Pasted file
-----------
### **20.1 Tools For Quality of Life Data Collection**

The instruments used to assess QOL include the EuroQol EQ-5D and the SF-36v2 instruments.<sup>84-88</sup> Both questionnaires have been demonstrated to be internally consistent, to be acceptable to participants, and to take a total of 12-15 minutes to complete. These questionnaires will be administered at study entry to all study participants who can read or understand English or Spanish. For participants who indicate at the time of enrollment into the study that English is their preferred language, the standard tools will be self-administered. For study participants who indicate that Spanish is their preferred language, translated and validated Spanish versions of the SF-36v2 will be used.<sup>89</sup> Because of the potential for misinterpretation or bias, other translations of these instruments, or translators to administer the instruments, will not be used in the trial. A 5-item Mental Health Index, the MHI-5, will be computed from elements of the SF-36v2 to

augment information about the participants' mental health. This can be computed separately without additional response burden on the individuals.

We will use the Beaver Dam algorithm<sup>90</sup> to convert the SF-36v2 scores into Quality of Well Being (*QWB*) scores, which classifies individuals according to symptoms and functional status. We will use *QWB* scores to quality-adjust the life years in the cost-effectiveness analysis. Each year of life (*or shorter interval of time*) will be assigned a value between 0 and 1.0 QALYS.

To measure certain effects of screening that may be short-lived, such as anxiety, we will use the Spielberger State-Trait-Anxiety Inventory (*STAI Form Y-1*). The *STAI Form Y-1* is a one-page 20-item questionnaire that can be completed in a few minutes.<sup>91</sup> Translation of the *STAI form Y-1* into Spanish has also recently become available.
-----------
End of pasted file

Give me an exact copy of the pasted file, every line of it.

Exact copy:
### **20.1 Tools For Quality of Life Data Collection**

The instruments used to assess QOL include the EuroQol EQ-5D and the SF-36v2 instruments.<sup>84-88</sup> Both questionnaires have been demonstrated to be internally consistent, to be acceptable to participants, and to take a total of 12-15 minutes to complete. These questionnaires will be administered at study entry to all study participants who can read or understand English or Spanish. For participants who indicate at the time of enrollment into the study that English is their preferred language, the standard tools will be self-administered. For study participants who indicate that Spanish is their preferred language, translated and validated Spanish versions of the SF-36v2 will be used.<sup>89</sup> Because of the potential for misinterpretation or bias, other translations of these instruments, or translators to administer the instruments, will not be used in the trial. A 5-item Mental Health Index, the MHI-5, will be computed from elements of the SF-36v2 to

augment information about the participants' mental health. This can be computed separately without additional response burden on the individuals.

We will use the Beaver Dam algorithm<sup>90</sup> to convert the SF-36v2 scores into Quality of Well Being (*QWB*) scores, which classifies individuals according to symptoms and functional status. We will use *QWB* scores to quality-adjust the life years in the cost-effectiveness analysis. Each year of life (*or shorter interval of time*) will be assigned a value between 0 and 1.0 QALYS.

To measure certain effects of screening that may be short-lived, such as anxiety, we will use the Spielberger State-Trait-Anxiety Inventory (*STAI Form Y-1*). The *STAI Form Y-1* is a one-page 20-item questionnaire that can be completed in a few minutes.<sup>91</sup> Translation of the *STAI form Y-1* into Spanish has also recently become available.